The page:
Thursday, Sept. 26, 2013
Media Contact: Mark Derewicz, 919-966-9037, email@example.com
CHAPEL HILL, N.C. – Sixty years ago scientists could electrically stimulate a region of a mouse’s brain causing the mouse to eat, whether hungry or not. Now researchers from UNC School of Medicine have pinpointed the precise cellular connections responsible for triggering that behavior. The finding, published September 27 in the journal Science, lends insight into a cause for obesity and could lead to treatments for anorexia, bulimia nervosa, and binge eating disorder, the most prevalent eating disorder in the United States.
“The study underscores that obesity and other eating disorders have a neurological basis,” said senior study author Garret Stuber, PhD, assistant professor in the department of psychiatry and department of cell biology and physiology. He’s also a member of the UNC Neuroscience Center. “With further study, we could figure out how to regulate the activity of cells in a specific region of the brain and develop treatments.”
Cynthia Bulik, PhD, Distinguished Professor of Eating Disorders at UNC School of Medicine and the Gillings School of Global Public Health, said, “Stuber's work drills down to the precise biological mechanisms that drive binge eating and will lead us away from stigmatizing explanations that invoke blame and a lack of willpower.” Bulik was not part of the research team.
Back in the 1950s, when scientists electrically stimulated a region of the brain called the lateral hypothalamus, they knew that they were stimulating many different types of brain cells. Stuber wanted to focus on one cell type — gaba neurons in the bed nucleus of the stria terminalis, or BNST. The BNST is an outcropping of the amygdala, the part of the brain associated with emotion. The BNST also forms a bridge between the amygdala and the lateral hypothalamus, the brain region that drives primal functions such as eating, sexual behavior, and aggression.
The BNST gaba neurons have a cell body and a long strand with branched synapses that transmit electrical signals into the lateral hypothalamus. Stuber and his team wanted to stimulate those synapses by using an optogenetic technique, an involved process that would let him stimulate BNST cells simply by shining light on their synapses.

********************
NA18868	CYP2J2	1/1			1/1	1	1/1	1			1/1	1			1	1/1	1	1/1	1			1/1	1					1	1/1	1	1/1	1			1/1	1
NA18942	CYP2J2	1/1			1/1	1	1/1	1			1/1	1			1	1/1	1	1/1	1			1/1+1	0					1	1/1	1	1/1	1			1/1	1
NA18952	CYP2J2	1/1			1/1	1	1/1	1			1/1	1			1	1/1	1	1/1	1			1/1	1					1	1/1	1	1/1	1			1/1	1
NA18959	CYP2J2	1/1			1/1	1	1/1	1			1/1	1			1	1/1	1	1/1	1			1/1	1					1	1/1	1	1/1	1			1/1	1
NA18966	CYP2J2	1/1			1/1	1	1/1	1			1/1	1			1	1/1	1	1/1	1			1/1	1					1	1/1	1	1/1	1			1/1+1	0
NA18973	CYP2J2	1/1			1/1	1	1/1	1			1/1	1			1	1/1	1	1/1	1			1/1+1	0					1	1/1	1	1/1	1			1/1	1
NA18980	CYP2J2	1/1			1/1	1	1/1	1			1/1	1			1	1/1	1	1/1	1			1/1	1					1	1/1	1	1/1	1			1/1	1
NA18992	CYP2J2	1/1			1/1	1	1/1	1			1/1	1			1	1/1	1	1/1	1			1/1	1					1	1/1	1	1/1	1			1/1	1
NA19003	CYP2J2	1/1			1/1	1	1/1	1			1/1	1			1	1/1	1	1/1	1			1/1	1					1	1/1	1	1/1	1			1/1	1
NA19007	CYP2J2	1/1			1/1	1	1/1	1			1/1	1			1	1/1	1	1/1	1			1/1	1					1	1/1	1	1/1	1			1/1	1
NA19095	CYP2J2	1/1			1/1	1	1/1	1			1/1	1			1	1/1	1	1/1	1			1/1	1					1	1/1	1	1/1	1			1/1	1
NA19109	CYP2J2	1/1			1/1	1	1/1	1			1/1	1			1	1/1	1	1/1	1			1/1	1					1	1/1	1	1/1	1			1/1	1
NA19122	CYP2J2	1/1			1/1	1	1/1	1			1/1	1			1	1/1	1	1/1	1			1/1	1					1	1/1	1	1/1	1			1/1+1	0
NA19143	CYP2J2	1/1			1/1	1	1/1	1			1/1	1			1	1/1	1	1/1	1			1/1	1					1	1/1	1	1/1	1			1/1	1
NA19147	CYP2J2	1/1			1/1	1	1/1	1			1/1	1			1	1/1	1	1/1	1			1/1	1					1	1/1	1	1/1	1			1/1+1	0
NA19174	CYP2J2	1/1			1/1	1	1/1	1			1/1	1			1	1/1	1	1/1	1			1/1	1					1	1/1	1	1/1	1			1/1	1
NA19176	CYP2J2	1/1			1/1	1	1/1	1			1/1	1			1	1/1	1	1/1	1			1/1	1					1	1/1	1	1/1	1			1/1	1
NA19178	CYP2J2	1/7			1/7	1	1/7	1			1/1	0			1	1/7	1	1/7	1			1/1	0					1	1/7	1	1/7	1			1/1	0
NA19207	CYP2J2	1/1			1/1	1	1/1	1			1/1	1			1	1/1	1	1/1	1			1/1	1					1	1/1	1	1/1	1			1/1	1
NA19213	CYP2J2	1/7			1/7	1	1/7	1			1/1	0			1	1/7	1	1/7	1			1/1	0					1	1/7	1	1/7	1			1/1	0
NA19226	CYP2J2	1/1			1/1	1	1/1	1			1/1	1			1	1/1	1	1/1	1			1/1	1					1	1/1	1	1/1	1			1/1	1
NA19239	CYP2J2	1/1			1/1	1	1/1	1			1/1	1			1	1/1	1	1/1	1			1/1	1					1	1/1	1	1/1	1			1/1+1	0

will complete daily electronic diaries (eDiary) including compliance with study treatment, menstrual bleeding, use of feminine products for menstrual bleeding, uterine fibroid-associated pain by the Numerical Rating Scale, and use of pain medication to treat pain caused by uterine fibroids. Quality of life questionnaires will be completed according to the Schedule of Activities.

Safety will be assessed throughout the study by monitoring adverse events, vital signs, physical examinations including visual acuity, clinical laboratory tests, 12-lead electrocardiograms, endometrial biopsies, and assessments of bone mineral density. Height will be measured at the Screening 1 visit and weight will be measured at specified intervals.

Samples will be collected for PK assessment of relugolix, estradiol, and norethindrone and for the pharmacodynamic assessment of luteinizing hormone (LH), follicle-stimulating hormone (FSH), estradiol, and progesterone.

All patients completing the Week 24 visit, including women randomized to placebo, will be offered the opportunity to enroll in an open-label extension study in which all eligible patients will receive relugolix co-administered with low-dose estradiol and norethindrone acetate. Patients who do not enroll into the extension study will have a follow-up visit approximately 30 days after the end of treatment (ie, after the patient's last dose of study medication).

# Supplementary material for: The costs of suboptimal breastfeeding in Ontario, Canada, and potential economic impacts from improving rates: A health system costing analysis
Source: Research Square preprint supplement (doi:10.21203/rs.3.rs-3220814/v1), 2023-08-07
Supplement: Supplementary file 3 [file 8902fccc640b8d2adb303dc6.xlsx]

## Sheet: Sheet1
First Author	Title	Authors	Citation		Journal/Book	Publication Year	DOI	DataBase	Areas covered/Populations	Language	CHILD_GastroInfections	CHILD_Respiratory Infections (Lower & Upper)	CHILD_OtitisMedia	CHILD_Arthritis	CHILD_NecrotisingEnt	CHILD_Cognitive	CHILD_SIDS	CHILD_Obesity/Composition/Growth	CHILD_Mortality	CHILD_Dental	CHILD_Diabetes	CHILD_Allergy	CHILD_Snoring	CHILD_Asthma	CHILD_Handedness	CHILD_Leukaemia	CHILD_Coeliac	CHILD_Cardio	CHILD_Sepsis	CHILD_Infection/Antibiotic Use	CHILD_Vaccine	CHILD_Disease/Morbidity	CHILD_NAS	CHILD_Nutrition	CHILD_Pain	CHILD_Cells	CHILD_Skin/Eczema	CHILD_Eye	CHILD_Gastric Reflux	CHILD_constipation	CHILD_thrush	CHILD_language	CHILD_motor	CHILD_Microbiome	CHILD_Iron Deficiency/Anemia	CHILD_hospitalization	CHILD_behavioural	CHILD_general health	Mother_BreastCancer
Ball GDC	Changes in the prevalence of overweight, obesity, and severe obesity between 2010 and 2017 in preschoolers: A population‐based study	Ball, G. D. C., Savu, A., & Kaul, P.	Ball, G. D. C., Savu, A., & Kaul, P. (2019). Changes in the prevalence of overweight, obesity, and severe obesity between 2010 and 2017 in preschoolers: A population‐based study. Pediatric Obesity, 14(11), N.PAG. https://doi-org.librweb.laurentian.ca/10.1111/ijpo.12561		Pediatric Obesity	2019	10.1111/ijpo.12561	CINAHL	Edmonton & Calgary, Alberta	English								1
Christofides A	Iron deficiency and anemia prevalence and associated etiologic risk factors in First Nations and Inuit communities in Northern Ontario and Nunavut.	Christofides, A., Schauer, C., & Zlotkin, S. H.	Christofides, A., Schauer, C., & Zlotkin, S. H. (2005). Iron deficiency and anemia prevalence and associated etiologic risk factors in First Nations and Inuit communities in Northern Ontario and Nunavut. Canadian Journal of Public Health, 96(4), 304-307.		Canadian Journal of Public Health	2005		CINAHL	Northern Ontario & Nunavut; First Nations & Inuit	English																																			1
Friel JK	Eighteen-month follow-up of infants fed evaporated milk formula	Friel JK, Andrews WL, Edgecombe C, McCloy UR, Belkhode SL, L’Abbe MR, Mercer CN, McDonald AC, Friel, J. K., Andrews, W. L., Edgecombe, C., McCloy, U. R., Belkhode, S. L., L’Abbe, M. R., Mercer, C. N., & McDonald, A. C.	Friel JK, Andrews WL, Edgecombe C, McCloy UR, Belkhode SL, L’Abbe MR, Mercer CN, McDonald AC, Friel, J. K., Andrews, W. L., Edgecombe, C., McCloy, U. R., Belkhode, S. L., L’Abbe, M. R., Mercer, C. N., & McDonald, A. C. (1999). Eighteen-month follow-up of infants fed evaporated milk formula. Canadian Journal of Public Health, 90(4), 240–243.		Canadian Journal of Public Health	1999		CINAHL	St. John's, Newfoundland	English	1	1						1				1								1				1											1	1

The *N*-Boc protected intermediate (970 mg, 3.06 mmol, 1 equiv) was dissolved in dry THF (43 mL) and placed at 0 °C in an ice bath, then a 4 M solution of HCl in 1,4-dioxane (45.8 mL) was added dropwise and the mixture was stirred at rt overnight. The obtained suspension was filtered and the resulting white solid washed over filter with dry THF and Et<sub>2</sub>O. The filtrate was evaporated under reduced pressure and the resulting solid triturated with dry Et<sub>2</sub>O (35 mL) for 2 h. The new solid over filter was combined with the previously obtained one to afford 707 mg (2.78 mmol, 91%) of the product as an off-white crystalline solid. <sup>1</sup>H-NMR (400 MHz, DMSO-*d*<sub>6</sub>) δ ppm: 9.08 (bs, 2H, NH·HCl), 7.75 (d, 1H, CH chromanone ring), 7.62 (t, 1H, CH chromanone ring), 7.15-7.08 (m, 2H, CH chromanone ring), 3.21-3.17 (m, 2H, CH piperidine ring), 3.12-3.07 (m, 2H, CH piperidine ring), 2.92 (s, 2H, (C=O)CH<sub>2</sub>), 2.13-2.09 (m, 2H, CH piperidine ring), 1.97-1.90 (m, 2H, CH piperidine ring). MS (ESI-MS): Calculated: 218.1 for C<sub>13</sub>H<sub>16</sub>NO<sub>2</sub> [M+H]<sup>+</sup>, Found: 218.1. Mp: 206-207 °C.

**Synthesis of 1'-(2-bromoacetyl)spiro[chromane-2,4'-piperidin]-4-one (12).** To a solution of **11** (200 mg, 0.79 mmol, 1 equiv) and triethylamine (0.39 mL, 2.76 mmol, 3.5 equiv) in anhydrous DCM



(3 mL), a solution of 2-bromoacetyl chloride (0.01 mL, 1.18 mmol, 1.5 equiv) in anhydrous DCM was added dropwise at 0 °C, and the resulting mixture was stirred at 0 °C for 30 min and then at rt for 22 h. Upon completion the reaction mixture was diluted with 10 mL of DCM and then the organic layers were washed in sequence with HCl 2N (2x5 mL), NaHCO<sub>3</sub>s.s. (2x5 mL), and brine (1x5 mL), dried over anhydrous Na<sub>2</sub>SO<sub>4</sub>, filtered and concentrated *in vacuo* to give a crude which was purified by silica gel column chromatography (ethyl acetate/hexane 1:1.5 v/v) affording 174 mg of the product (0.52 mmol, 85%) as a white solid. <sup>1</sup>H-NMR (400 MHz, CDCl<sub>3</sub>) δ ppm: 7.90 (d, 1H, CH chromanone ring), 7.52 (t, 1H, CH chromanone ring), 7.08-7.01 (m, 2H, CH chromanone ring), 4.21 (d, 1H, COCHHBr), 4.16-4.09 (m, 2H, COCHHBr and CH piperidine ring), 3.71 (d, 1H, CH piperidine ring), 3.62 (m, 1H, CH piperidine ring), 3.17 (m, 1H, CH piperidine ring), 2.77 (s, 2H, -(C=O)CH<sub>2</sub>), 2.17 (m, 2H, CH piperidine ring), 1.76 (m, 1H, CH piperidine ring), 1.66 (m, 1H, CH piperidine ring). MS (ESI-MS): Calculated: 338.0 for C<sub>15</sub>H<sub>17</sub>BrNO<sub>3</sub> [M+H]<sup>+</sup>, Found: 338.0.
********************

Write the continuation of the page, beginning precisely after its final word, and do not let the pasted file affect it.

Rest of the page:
Typically, brain cells don’t respond to light. So Stuber’s team used genetically engineered proteins — from algae — that are sensitive to light and used genetically engineered viruses to deliver them into the brains of mice. Those proteins then get expressed only in the BNST cells, including in the synapses that connect to the hypothalamus.
His team then implanted fiber optic cables in the brains of these specially-bred mice, and this allowed the researchers to shine light through the cables and onto BNST synapses. As soon as the light hit BNST synapses the mice began to eat voraciously even though they had already been well fed. Moreover, the mice showed a strong preference for high-fat foods.
“They would essentially eat up to half their daily caloric intake in about 20 minutes,” Stuber said. “This suggests that this BNST pathway could play a role in food consumption and pathological conditions such as binge eating.”
Stimulating the BNST also led the mice to exhibit behaviors associated with reward, suggesting that shining light on BNST cells enhanced the pleasure of eating. On the flip side, shutting down the BNST pathway caused mice to show little interest in eating, even if they had been deprived of food.
“We were able to really home in on the precise neural circuit connection that was causing this phenomenon that’s been observed for more than 50 years,” Stuber said.
The study, which uses technologies highlighted in the new National Institutes of Health Brain Initiative, suggests that faulty wiring in BNST cells could interfere with hunger or satiety cues and contribute to human eating disorders, leading people to eat even when they are full or to avoid food when they are hungry. Further research is needed to determine whether it would be possible to develop drugs that correct a malfunctioning BNST circuit.
“We want to actually observe the normal function of these cell types and how they fire electrical signals when the animals are feeding or hungry,” Stuber said. “We want to understand their genetic characteristics – what genes are expressed. For example, if we find cells that become really activated after binge eating, can we look at the gene expression profile to find out what makes those cells unique from other neurons.”
And that, Stuber said, could lead to potential targets for drugs to treat certain populations of patients with eating disorders.
UNC School of Medicine neurobiology graduate student Josh Jennings is the first author on Stuber’s paper in Science. Authors also include members of his research team, neurobiology grad student Alice Stamatakis, research technician Randall Ung, and Giorgio Rizzo of the University Medical Center Utrecht in the Netherlands.
For this study, Stuber received funding from the National Institute on Drug Abuse and the Klarman Foundation, a private organization that funds basic research related to eating disorders.